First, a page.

He had already lost his job as anchorman of the evening news but was allowed to stay on the weekday edition of 60 Minutes, which his story had sent on a glide path to oblivion. And when that show died an inglorious death Rather went over to the Sunday edition of 60 Minutes. But that wouldn’t last long, either. When his contract ran out CBS yanked him off the show, but made him an offer he decided to refuse: Rather would get an office and an assistant and he could report stories for any CBS News broadcast that called on him – if any CBS News broadcast ever chose to call on him. CBS offered Rather $250,000 a year, according to my sources, who say he wanted a million. When he didn’t get it, he quit. According to Rather, he was pushed out the door by the head of CBS, Leslie Moonves.
In 2007, Rather filed his $70 million lawsuit against his old company saying he wasn’t allowed to defend his story because the top management of CBS’ parent company, Viacom, wanted to appease the Bush Administration and protect its business interests.
Until now, the controversy over the Rather/Mapes story has centered almost entirely on one issue: the legitimacy of the documents – a very important issue, indeed. But it turns out that there was another very important issue, one that goes to the very heart of what the story was about – and one that has gone virtually unnoticed. This is it: Mary Mapes knew before she put the story on the air that George W. Bush, the alleged slacker, had in fact volunteered to go to Vietnam.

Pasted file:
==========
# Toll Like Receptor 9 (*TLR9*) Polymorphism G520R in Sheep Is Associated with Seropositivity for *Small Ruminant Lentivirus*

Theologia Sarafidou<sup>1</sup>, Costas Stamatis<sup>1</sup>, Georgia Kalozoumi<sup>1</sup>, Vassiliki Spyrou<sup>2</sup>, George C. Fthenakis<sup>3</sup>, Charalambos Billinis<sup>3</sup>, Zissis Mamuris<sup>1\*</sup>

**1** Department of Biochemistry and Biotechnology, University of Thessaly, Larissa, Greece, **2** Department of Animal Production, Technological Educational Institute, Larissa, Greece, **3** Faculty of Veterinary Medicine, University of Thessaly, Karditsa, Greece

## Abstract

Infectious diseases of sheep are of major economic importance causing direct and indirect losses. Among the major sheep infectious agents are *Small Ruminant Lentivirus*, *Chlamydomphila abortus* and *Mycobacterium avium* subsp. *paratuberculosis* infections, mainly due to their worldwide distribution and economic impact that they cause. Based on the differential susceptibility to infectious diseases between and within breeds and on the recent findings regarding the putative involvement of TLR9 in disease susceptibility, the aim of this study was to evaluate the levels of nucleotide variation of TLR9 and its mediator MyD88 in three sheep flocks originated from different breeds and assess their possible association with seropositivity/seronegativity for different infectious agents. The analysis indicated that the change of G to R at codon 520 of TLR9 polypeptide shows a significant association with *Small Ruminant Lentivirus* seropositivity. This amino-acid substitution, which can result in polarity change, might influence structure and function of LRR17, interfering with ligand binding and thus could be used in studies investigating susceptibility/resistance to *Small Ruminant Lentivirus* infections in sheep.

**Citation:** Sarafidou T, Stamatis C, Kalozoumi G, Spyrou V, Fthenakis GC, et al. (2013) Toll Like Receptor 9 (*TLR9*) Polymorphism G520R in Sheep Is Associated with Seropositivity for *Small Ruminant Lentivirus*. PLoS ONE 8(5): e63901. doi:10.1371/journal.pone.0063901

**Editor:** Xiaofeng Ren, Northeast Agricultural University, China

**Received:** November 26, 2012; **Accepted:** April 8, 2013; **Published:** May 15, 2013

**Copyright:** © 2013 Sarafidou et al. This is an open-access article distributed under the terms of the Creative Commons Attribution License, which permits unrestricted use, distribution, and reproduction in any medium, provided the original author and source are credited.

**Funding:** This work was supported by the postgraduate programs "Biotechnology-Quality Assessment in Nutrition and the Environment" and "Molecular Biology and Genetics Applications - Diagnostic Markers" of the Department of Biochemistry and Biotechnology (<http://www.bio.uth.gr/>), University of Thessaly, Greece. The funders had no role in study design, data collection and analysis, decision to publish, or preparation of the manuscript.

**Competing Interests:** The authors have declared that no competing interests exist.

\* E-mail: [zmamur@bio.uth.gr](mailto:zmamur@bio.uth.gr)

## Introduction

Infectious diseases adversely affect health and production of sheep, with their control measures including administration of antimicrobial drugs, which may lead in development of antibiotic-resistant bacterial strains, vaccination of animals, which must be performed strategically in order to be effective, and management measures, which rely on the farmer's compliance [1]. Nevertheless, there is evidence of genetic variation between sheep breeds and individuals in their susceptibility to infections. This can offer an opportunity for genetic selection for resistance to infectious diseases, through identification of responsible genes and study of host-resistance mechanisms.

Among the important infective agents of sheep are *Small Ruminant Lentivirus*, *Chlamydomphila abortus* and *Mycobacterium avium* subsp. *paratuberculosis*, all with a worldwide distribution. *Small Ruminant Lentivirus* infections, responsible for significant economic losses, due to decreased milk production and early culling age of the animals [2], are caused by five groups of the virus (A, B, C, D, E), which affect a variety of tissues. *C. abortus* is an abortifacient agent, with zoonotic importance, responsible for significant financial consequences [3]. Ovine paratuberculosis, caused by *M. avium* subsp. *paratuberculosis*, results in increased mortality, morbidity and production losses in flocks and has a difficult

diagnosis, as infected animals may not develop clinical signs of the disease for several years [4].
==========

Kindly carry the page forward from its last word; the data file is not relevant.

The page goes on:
Who says? The outside panel CBS brought into to get to the bottom of the so-called “Rathergate” mess says. I recently re-examined the panel’s report after a source, Deep Throat style, told me to “Go to page 130.” When I did, here’s the startling piece of information I found:
Mapes had information prior to the airing of the September 8  Segment that President Bush, while in the TexANG [Texas Air National Guard] did volunteer for service in Vietnam but was turned down in favor of more experienced pilots. For example, a flight instructor who served in the TexANG with Lieutenant Bush advised Mapes in 1999 that Lieutenant Bush “did want to go to Vietnam but others went first.” Similarly, several others advised Mapes in 1999, and again in 2004 before September 8, that Lieutenant Bush had volunteered to go to Vietnam but did not have enough flight hours to qualify.
This information, despite the fact that it has been available since the CBS report came out four years ago, has remained a secret to almost everybody both in and out of the media — one lonely fact in a 234- page report loaded with thousands of facts, and overshadowed by the controversy surrounding the documents.
Hat tip to Scott Drum.
That particular piece of data certainly puts this Huffington Post editorial by Mary Mapes in an interesting light, doesn’t it?